Blog

In Overdressed, New York-based writer Elizabeth Cline explores the extreme decline in the cost of fashion, and the political, economic, and social implications of this change. Cline begins with a personal yet familiar anecdote: she once bought seven pairs of $7 shoes in a single haul, only to eventually throw half of them out without having worn them once. Most of us who grew up in the ’90s practice Cline’s former shopping ritual: consistently buying cheap, trendy clothes at “fast fashion” stores like H&M and Forever 21.

We all have our share of girl crushes—women who we admire and strive to be a little more like. Although labeling non-sexual adoration as a “girl crush” can perhaps be seen as homophobic, Got A Girl Crush, a zine started by Meg Wachter and Andrea Cheng in 2009, is far more about celebrating inspirational women in all capacities than singling out a group. The genesis of Got A Girl Crush began over the Internet when the two were fittingly girl-crushing on each other’s blogs.

On Sunday, the Lincoln Journal Star reported on a horrific hate crime against a woman in Lincoln, Nebraska. She was attacked in her home by three masked men who bound her wrists and ankles with zip ties, cut her body, and carved homophobic slurs into her skin. They then doused her floor with gasoline and lit a match. The woman proceeded to crawl from her house to a neighbor's doorstep, bleeding, naked and screaming for help. The community was outraged, and that same night, a vigil was organized outside the Capitol, attended by hundreds bearing candles and rainbow flags.

U.K. singer Lianne La Havas is standing on the precipice of superstardom. She’s been buzzed about and blogged about, but until very recently, we’d only heard a few of her songs (including the amazing “Forget,” which you should check out on YouTube immediately). Luckily, we had the opportunity to check out an intimate showcase by La Havas here in NYC, and were blown away by her confidence on stage and by her powerful-yet-delicate voice. She’s got wisdom in her lyrics and skill in her vocals that are far beyond what you’d expect from a 22-year-old.

Living in a generation of Photoshop, fat-shaming, and stick-thin models, it sometimes seems nearly impossible to imagine a time when "skinny" was a bad word. That’s why we couldn’t help but wonder if we'd stumbled into some sort of alternate universe when we discovered these vintage advertisements for weight gain.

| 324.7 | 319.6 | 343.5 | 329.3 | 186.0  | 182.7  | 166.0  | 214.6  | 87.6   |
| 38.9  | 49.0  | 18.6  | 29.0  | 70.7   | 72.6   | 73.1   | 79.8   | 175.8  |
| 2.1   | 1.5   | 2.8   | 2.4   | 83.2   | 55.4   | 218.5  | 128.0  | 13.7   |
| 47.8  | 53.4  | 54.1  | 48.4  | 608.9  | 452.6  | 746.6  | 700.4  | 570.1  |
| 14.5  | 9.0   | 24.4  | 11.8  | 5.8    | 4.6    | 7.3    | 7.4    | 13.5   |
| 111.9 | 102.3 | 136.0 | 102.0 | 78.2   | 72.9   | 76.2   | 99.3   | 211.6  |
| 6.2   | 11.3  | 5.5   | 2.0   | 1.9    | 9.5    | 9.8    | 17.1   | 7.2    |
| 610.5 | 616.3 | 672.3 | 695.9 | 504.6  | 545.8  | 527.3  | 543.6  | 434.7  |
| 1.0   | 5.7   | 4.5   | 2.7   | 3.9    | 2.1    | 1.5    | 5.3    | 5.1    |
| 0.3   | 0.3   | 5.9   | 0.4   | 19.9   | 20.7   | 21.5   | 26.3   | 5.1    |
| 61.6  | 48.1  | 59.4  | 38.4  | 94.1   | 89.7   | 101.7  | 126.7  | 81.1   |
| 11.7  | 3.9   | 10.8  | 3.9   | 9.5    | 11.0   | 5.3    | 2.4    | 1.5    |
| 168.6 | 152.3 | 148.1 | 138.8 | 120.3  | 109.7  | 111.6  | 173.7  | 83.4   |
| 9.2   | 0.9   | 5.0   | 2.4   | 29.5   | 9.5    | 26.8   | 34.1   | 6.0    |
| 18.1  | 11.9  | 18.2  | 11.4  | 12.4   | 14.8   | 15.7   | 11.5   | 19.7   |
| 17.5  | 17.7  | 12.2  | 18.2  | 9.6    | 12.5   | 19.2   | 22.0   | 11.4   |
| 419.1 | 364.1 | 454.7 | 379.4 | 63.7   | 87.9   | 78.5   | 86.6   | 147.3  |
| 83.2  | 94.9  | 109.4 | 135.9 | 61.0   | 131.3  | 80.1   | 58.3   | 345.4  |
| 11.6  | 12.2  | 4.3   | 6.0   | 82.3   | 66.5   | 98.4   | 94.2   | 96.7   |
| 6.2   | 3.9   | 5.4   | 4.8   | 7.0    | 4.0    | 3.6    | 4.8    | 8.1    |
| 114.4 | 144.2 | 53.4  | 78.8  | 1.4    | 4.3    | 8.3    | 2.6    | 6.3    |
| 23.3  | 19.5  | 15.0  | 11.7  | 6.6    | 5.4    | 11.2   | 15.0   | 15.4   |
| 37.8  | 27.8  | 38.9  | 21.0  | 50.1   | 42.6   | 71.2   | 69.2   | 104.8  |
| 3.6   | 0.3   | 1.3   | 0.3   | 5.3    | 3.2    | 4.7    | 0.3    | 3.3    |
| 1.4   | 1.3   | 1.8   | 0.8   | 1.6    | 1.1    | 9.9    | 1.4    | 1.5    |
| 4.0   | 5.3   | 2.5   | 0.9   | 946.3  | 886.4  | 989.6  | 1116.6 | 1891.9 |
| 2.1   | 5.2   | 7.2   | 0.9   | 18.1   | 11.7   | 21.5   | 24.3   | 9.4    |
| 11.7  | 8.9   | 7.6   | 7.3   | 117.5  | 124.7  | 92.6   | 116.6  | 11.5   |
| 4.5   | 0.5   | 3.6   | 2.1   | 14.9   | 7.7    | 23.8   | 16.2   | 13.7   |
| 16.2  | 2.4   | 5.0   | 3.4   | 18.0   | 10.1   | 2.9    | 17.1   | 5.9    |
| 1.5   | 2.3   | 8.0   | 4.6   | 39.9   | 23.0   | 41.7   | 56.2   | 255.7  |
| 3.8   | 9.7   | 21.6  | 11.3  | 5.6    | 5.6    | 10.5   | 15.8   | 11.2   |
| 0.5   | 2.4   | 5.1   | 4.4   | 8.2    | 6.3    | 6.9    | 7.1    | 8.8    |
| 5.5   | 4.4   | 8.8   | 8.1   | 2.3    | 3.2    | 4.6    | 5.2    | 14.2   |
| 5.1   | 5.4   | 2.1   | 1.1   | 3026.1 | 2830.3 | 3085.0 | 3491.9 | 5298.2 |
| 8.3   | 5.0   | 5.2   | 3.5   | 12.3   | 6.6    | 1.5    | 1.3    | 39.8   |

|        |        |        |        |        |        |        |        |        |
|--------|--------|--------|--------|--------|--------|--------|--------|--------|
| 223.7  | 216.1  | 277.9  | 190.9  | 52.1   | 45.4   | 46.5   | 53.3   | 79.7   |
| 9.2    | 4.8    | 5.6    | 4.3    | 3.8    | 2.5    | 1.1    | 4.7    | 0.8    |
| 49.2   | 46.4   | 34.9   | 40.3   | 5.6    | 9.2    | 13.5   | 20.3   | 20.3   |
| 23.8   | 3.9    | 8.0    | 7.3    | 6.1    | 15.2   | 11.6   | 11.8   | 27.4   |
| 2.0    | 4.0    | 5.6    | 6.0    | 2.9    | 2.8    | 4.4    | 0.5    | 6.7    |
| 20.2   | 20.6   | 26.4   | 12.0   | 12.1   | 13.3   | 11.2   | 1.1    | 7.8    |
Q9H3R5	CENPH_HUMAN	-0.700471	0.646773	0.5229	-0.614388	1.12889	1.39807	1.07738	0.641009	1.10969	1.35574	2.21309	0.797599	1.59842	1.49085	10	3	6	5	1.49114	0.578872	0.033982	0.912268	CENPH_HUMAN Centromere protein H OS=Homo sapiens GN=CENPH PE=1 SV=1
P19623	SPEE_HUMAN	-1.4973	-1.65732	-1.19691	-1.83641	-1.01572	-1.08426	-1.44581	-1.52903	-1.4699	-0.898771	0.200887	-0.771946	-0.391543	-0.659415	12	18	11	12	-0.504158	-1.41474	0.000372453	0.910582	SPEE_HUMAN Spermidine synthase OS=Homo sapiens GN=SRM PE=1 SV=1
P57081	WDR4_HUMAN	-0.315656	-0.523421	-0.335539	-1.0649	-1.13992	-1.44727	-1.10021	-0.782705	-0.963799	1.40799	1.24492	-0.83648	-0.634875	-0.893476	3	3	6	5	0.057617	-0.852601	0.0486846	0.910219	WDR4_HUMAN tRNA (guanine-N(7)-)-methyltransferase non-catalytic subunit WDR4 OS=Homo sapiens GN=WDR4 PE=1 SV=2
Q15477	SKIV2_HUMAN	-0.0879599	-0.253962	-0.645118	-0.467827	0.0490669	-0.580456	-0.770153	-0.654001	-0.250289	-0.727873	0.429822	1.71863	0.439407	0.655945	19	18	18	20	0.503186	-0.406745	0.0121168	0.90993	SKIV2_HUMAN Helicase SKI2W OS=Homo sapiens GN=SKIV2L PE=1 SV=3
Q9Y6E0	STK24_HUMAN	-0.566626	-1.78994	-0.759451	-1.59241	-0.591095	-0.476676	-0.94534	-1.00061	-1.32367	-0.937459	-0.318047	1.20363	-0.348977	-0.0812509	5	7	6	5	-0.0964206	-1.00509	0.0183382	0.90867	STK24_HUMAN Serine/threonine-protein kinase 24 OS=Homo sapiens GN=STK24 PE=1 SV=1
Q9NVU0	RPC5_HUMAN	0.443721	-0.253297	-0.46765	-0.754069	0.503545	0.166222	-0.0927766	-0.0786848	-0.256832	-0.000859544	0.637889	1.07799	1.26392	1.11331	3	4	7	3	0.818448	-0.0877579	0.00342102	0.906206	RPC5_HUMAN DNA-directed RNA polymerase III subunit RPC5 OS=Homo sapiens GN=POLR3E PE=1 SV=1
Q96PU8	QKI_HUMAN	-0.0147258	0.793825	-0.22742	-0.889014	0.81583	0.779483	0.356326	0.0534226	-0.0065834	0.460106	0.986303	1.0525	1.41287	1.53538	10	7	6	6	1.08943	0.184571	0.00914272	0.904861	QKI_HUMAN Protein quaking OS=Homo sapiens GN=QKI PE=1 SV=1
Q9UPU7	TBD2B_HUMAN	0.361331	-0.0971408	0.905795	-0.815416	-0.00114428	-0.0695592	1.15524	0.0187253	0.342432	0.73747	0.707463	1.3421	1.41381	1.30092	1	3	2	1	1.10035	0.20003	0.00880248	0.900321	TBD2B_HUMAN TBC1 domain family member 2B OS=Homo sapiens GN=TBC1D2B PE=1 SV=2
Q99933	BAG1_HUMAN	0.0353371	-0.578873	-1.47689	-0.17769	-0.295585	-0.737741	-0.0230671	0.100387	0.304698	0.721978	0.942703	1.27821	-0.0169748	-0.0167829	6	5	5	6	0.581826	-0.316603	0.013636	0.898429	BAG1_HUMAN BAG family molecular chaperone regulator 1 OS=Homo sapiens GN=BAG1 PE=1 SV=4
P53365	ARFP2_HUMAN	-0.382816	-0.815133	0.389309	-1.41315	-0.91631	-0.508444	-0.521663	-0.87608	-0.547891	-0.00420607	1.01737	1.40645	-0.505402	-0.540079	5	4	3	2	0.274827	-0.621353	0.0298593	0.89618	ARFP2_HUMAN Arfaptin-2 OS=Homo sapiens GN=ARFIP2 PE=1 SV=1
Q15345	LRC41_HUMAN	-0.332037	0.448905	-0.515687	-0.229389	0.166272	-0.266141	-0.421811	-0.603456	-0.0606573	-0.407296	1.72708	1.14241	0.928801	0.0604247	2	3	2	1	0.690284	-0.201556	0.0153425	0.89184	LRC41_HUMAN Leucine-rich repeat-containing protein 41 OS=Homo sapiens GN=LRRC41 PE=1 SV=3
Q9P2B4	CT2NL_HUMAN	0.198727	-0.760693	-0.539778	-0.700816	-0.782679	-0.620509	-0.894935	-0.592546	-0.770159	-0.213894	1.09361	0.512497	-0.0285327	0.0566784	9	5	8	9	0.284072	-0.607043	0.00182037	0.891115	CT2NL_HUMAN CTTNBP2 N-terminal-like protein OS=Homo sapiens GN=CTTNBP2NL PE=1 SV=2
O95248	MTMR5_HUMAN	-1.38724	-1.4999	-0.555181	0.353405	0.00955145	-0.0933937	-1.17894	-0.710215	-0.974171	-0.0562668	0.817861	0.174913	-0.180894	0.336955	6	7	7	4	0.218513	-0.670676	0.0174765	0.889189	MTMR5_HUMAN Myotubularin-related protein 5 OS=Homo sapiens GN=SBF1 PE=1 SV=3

There are a lot of Tumblrs out there in this big, bad world—some good, some not so good. Amongst a sea of awkward found photos and hung over owl pics, there’s occasionally a special gem that makes you feel a little bit better about clicking through Tumblrs all day instead of tackling that ever-daunting to-do list. Don’t get me wrong, I love me some funny cat pictures as much as the next person, but sometimes it’s satisfying to find a blog that contains content that is both funny and inspiring (and no, I don’t mean things like this, either).

When it comes to werewolves, there are a few words you can usually expect to hear. 'Taylor Lautner,' 'teen wolf' and 'chiseled abs' are a few of the usual suspects. 'Lesbians' and--hell--even 'girls' are far more rare. The most high profile werechick on TV right now is Rikki (Kelly Overton) on True Blood, the girl Alcide is trying to sexercise with while practicing for his impending pack leader battle.   But, that’s about to change with June Temple (Dark Knight, Small Apartments) as an innocent burgeoning lesbian turned werewolf.

We've all heard the grizzly tales of the Craigslist killer. We know that the person on the other end of the ad could be entirely creepy. I try to always bring an intimidating friend along if I'm going to retrieve a free Craigslist item. But what if the person behind a Craigslist post was not only NOT a murderer, but also a sensitive poet? Enter the missed connections section of Craigslist. Here, people post small descriptions of their encounters with attractive strangers, in hopes of finding them and, well, connecting.

    Sixteen-year-old fashion-blogging phenomenon Tavi Gevinson has already carved out a prominent place for herself in pop culture, appearing in the front rows of Paris fashion shows, the pages of The New York Times, and her own TED talk. Here, she opens up about girls, grinding, and getting shit done. I'm a 42-year-old woman, and I work for a 16-year-old girl. This seems normal to me, as my philosophy on bosses has always been that I won’t work for someone who isn’t smarter than me, and Tavi Gevinson definitely fits my criteria.

We've been keeping a secret from you: we have an illegal BUST employee. He isn't on the payroll. We do pay him with love, a place to hang out during the day, and scraps. Truth be told, though, Wally the office dog is probably our most valuable staff member. He's constantly pitching original content, posting blogs, and chatting it up with cover girls for the magazine. We thought it was time we fessed up and introduced you guys to our creative center, so we asked Wally to answer a few questions so you can get to know him better.   Thanks for agreeing to do this interview Wally.
Facebook_websiteTwitter_websitePinterest_websiteRSS_websiteTumblr_websiteIG_website

Search